ARM Cement, a company listed on the Nairobi Securities Exchange, is expanding its production capacity in Kigali to grow sales as competition in the Tanzania and Kenya markets has reduced the regional manufacturer’s profits.
But analysts warn that the Rwanda cement market too, has challenges, ranging from high electricity and transport costs, making cement manufactured in Rwanda uncompetitive in pricing.
While the cost of the expansion of the Kigali plant has not been made public, the plan is to increase the capacity from 100,000 tonnes annually to 350,000 tonnes.
ARM used part of the $140 million, CDC, the UK development finance institution equity investment in the cement maker.
In Rwanda, ARM acquired a 100 per cent equity stake in Kigali Cement plant in 2014 as part its expansion plans to grow sales in Rwanda and the neighbouring markets of Burundi and the Democratic Republic of Congo.
Hima Cement, a Ugandan cement maker, is another dominant player on the Rwandan market set to compete with ARM Cement. Industrial players said due to significant market share in Rwanda, Hima Cement became a price setter.
AIB Capital in its latest East Africa cement sector report estimated that Hima exports 80 per cent of cement to Rwanda.
“The Hima Cement plant is located 400 kilometres South West of Kampala, which makes it costly to supply the Ugandan market when it’s much closer to other markets such as Rwanda,” reads the report.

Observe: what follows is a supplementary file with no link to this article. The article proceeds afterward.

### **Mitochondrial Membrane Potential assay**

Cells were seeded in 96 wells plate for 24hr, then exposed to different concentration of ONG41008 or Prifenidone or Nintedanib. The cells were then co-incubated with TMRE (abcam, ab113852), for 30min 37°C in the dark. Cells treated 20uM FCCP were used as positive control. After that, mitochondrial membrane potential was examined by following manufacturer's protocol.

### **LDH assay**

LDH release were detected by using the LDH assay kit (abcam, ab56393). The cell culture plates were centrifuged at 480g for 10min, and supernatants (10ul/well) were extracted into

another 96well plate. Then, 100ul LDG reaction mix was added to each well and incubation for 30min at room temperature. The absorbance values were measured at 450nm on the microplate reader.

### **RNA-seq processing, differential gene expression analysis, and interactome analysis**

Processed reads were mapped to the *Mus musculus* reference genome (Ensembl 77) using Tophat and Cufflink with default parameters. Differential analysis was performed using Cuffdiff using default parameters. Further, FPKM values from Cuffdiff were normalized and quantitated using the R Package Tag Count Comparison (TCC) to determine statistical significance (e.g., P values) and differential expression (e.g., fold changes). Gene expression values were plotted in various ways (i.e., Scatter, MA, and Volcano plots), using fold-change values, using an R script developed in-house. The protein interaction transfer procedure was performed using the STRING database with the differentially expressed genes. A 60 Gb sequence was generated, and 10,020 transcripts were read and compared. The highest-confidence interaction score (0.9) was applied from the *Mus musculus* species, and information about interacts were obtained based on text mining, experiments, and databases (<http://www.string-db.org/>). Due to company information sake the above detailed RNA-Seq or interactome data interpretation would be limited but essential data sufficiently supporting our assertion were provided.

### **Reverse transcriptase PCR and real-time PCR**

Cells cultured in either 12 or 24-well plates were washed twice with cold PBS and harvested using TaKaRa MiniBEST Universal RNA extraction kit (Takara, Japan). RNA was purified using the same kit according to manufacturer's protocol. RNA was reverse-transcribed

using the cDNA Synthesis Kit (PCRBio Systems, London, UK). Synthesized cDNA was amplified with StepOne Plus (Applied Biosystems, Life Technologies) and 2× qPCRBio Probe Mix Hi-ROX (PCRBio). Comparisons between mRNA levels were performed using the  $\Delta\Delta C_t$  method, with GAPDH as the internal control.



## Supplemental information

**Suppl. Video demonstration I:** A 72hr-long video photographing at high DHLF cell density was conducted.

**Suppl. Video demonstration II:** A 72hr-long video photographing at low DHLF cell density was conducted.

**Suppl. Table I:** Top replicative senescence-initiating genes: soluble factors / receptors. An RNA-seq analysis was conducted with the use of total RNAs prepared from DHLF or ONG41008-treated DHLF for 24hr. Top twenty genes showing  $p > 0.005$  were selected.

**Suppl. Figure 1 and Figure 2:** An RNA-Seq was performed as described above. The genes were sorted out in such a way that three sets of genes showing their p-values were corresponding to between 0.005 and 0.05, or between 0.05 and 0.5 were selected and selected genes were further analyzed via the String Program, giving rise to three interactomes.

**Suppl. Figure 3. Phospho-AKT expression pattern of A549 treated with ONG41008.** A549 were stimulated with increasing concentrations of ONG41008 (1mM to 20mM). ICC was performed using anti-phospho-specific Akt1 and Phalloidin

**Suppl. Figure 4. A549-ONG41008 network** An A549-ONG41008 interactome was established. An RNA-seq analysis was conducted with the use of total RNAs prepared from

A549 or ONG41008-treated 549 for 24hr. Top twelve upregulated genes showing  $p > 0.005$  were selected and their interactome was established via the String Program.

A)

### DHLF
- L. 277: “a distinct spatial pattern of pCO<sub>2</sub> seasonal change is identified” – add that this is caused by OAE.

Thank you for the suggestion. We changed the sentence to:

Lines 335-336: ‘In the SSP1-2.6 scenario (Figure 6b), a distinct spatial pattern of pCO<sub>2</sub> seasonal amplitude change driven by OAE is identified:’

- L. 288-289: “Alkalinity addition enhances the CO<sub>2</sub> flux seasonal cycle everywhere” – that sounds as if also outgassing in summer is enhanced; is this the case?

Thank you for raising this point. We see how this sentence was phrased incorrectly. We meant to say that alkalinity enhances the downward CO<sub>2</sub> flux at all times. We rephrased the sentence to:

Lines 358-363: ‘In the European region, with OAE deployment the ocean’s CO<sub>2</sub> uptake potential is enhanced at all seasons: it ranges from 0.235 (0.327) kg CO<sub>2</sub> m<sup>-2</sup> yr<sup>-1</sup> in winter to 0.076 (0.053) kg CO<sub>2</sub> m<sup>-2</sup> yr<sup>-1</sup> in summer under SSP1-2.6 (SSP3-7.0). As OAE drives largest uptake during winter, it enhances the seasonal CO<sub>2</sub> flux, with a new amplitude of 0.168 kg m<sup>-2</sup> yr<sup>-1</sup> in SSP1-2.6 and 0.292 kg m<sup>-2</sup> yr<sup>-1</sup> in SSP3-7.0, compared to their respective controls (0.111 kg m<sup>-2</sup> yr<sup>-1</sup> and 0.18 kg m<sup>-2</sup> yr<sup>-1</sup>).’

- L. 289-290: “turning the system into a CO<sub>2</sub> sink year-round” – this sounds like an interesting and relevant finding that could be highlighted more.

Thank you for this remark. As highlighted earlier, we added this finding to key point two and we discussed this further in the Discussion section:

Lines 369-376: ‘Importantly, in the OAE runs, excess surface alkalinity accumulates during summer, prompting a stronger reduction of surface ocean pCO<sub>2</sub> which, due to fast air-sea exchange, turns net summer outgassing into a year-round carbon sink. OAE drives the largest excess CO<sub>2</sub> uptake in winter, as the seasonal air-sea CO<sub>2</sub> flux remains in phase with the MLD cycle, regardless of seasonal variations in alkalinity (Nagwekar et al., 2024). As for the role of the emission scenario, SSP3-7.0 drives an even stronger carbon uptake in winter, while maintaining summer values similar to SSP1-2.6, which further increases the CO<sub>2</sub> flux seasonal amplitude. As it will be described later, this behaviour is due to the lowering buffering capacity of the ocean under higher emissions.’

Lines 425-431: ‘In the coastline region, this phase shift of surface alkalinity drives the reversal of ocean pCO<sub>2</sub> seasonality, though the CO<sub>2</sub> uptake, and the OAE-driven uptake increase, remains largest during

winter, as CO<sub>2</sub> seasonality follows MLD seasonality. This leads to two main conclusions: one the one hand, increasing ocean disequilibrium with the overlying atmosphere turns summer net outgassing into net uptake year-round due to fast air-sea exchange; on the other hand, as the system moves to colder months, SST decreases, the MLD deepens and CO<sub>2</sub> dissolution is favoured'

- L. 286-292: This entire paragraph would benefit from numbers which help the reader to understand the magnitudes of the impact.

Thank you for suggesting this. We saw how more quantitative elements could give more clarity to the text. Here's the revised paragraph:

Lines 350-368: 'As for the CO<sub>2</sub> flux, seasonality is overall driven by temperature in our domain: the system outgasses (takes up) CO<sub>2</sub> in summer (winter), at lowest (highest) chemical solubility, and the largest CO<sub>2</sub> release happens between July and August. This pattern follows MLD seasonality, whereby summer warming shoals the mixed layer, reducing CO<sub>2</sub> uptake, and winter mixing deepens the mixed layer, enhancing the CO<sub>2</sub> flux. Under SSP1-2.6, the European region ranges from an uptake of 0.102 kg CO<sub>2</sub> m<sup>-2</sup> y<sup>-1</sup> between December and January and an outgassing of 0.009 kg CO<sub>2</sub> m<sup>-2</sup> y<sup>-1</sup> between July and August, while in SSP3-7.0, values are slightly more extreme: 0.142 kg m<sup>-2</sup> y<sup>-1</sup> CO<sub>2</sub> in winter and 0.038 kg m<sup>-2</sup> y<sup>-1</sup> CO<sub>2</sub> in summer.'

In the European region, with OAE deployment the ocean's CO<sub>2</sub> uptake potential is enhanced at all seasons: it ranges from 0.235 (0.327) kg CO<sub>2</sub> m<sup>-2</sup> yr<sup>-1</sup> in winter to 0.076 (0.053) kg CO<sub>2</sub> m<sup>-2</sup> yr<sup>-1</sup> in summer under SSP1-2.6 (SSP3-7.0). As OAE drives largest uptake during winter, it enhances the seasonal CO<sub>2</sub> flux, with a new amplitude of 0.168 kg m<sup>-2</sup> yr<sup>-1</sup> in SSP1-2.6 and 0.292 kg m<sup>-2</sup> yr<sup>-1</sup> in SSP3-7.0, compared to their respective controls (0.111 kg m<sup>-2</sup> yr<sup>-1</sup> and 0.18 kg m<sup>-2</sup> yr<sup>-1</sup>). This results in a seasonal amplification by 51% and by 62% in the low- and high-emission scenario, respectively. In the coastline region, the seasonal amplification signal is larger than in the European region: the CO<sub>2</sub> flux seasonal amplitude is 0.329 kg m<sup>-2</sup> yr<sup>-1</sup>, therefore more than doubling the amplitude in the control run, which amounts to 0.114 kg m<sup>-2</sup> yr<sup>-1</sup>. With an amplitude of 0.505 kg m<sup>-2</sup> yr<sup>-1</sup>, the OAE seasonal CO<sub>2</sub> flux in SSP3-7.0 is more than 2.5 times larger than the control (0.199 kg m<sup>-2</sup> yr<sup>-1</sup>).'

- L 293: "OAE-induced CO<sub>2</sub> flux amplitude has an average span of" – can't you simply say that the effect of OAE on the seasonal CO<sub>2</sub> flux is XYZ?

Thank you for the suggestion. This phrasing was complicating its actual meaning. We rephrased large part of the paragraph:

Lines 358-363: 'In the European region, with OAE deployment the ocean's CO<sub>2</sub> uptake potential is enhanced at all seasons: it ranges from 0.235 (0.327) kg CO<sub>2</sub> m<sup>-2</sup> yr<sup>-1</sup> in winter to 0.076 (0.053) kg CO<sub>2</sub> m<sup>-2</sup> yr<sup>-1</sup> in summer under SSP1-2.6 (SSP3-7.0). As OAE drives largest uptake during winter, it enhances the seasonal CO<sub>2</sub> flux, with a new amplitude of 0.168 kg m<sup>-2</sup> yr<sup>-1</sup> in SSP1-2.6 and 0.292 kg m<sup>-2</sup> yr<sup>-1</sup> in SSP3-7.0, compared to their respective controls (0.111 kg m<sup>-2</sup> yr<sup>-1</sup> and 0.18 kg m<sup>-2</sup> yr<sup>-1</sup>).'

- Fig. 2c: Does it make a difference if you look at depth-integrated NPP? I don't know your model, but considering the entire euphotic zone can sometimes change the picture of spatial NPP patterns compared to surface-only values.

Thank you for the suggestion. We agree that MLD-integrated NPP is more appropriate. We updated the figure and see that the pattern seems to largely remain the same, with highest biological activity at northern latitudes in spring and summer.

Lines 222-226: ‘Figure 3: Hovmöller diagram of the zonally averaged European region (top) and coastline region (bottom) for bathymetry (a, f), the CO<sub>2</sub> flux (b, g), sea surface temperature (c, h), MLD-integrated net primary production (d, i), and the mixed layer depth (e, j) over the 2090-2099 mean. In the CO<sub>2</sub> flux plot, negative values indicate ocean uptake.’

South Africa’s cement maker — Pretoria Portland Cement (PPC) — is another competitor both in Rwandan and Democratic Republic of the Congo markets.
In Rwanda, PPC has a controlling stake in the largest cement maker — Cimerwa while in DRC it is constructing another plant.
The PPC’s plant in western DRC, located 20km from Kimpese is set to be commissioned by the end of this year.
Whereas cement prices in other East African countries have dropped, the retail prices cement in Rwanda have remained high, ranging between $240 and $290 dollars depending on the quality.
In Kenya, the cement prices have fallen from an average of $140 per tonne in 2011 to the current average of $100 per tonne and are expected to drop further.
The regional cement makers’ woes were worsened when the East African Council of Minsters lowered import duty on cement from 35 per cent to 25 per cent.
Rwandan cement market has also been distorted by cheap imports from Pakistan and China.
Market players, however, are optimistic about increased production of cement by ARM, arguing that the competition will result in low prices.
ARM manufactures’ clinker at Kaloleni and Tanga have production capacity of 1.65 million tonnes per year.
“This allows the company to control and capture the entire value chain, from mining of limestone to the manufacture and distribution of cement. It is approximately 70 per cent cheaper to produce rather than to import clinker in a region with clinker shortfall, which gives ARM a competitive advantage in terms of cost efficiency,” the report points out.